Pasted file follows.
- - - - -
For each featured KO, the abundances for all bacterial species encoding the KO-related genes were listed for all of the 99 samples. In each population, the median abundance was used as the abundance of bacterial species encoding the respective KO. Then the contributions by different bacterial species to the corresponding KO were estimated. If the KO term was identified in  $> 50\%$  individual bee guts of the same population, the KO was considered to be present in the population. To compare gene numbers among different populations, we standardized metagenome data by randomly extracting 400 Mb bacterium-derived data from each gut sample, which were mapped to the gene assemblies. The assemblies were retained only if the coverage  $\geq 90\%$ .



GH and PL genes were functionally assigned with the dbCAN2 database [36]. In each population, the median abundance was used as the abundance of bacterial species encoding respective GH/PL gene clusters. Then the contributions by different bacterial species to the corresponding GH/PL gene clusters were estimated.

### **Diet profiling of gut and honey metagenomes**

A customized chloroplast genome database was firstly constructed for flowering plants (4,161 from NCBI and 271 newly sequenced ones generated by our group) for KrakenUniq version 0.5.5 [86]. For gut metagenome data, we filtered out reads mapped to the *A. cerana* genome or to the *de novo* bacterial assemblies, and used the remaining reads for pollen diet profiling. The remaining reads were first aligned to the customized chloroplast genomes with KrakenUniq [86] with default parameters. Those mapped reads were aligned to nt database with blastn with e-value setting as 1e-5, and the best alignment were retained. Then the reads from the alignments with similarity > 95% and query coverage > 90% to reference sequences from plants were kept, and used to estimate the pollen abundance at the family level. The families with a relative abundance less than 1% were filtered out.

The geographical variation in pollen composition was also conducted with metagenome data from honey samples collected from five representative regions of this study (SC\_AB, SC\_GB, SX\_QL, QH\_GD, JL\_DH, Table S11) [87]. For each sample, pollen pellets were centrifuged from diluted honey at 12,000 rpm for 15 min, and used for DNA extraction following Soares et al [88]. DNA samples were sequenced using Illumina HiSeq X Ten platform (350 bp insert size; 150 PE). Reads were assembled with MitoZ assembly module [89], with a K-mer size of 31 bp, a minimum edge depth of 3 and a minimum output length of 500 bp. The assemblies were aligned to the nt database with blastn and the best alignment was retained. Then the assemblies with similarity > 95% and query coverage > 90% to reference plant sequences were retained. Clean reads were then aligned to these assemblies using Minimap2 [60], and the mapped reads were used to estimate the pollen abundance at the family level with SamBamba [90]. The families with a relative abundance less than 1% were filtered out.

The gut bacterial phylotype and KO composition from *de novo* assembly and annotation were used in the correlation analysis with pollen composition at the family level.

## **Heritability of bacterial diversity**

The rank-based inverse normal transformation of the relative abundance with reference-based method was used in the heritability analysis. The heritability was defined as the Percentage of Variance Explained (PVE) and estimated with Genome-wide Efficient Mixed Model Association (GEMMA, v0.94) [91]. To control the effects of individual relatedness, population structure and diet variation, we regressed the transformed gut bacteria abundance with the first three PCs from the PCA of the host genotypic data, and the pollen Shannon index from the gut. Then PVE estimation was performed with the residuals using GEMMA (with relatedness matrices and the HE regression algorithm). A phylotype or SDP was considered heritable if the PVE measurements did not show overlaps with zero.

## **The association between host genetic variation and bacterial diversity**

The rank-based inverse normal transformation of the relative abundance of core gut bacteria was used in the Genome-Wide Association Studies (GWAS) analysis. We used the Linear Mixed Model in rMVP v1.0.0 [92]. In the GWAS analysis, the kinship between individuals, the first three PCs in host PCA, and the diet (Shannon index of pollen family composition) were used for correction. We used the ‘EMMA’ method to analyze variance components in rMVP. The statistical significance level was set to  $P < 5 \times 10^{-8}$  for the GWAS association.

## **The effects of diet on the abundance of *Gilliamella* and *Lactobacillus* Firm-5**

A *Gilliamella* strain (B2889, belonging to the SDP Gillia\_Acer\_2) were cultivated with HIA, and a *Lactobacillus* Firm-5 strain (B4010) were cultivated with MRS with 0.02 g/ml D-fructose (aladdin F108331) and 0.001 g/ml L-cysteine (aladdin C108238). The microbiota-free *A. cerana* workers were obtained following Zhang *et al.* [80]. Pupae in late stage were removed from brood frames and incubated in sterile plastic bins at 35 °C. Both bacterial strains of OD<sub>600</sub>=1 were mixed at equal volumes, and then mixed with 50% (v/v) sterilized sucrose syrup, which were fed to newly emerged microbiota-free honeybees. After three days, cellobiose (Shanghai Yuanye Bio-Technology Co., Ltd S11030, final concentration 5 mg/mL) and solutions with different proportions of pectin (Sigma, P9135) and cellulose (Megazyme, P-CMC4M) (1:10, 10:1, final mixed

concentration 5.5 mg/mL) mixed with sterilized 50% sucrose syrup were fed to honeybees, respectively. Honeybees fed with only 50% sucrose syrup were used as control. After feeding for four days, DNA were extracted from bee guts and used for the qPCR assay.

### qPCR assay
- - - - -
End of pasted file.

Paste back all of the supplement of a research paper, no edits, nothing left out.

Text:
For each featured KO, the abundances for all bacterial species encoding the KO-related genes were listed for all of the 99 samples. In each population, the median abundance was used as the abundance of bacterial species encoding the respective KO. Then the contributions by different bacterial species to the corresponding KO were estimated. If the KO term was identified in  $> 50\%$  individual bee guts of the same population, the KO was considered to be present in the population. To compare gene numbers among different populations, we standardized metagenome data by randomly extracting 400 Mb bacterium-derived data from each gut sample, which were mapped to the gene assemblies. The assemblies were retained only if the coverage  $\geq 90\%$ .



GH and PL genes were functionally assigned with the dbCAN2 database [36]. In each population, the median abundance was used as the abundance of bacterial species encoding respective GH/PL gene clusters. Then the contributions by different bacterial species to the corresponding GH/PL gene clusters were estimated.

### **Diet profiling of gut and honey metagenomes**

A customized chloroplast genome database was firstly constructed for flowering plants (4,161 from NCBI and 271 newly sequenced ones generated by our group) for KrakenUniq version 0.5.5 [86]. For gut metagenome data, we filtered out reads mapped to the *A. cerana* genome or to the *de novo* bacterial assemblies, and used the remaining reads for pollen diet profiling. The remaining reads were first aligned to the customized chloroplast genomes with KrakenUniq [86] with default parameters. Those mapped reads were aligned to nt database with blastn with e-value setting as 1e-5, and the best alignment were retained. Then the reads from the alignments with similarity > 95% and query coverage > 90% to reference sequences from plants were kept, and used to estimate the pollen abundance at the family level. The families with a relative abundance less than 1% were filtered out.

The geographical variation in pollen composition was also conducted with metagenome data from honey samples collected from five representative regions of this study (SC\_AB, SC\_GB, SX\_QL, QH\_GD, JL\_DH, Table S11) [87]. For each sample, pollen pellets were centrifuged from diluted honey at 12,000 rpm for 15 min, and used for DNA extraction following Soares et al [88]. DNA samples were sequenced using Illumina HiSeq X Ten platform (350 bp insert size; 150 PE). Reads were assembled with MitoZ assembly module [89], with a K-mer size of 31 bp, a minimum edge depth of 3 and a minimum output length of 500 bp. The assemblies were aligned to the nt database with blastn and the best alignment was retained. Then the assemblies with similarity > 95% and query coverage > 90% to reference plant sequences were retained. Clean reads were then aligned to these assemblies using Minimap2 [60], and the mapped reads were used to estimate the pollen abundance at the family level with SamBamba [90]. The families with a relative abundance less than 1% were filtered out.

The gut bacterial phylotype and KO composition from *de novo* assembly and annotation were used in the correlation analysis with pollen composition at the family level.

## **Heritability of bacterial diversity**

The rank-based inverse normal transformation of the relative abundance with reference-based method was used in the heritability analysis. The heritability was defined as the Percentage of Variance Explained (PVE) and estimated with Genome-wide Efficient Mixed Model Association (GEMMA, v0.94) [91]. To control the effects of individual relatedness, population structure and diet variation, we regressed the transformed gut bacteria abundance with the first three PCs from the PCA of the host genotypic data, and the pollen Shannon index from the gut. Then PVE estimation was performed with the residuals using GEMMA (with relatedness matrices and the HE regression algorithm). A phylotype or SDP was considered heritable if the PVE measurements did not show overlaps with zero.

## **The association between host genetic variation and bacterial diversity**

The rank-based inverse normal transformation of the relative abundance of core gut bacteria was used in the Genome-Wide Association Studies (GWAS) analysis. We used the Linear Mixed Model in rMVP v1.0.0 [92]. In the GWAS analysis, the kinship between individuals, the first three PCs in host PCA, and the diet (Shannon index of pollen family composition) were used for correction. We used the ‘EMMA’ method to analyze variance components in rMVP. The statistical significance level was set to  $P < 5 \times 10^{-8}$  for the GWAS association.

## **The effects of diet on the abundance of *Gilliamella* and *Lactobacillus* Firm-5**

A *Gilliamella* strain (B2889, belonging to the SDP Gillia\_Acer\_2) were cultivated with HIA, and a *Lactobacillus* Firm-5 strain (B4010) were cultivated with MRS with 0.02 g/ml D-fructose (aladdin F108331) and 0.001 g/ml L-cysteine (aladdin C108238). The microbiota-free *A. cerana* workers were obtained following Zhang *et al.* [80]. Pupae in late stage were removed from brood frames and incubated in sterile plastic bins at 35 °C. Both bacterial strains of OD<sub>600</sub>=1 were mixed at equal volumes, and then mixed with 50% (v/v) sterilized sucrose syrup, which were fed to newly emerged microbiota-free honeybees. After three days, cellobiose (Shanghai Yuanye Bio-Technology Co., Ltd S11030, final concentration 5 mg/mL) and solutions with different proportions of pectin (Sigma, P9135) and cellulose (Megazyme, P-CMC4M) (1:10, 10:1, final mixed

concentration 5.5 mg/mL) mixed with sterilized 50% sucrose syrup were fed to honeybees, respectively. Honeybees fed with only 50% sucrose syrup were used as control. After feeding for four days, DNA were extracted from bee guts and used for the qPCR assay.

### qPCR assay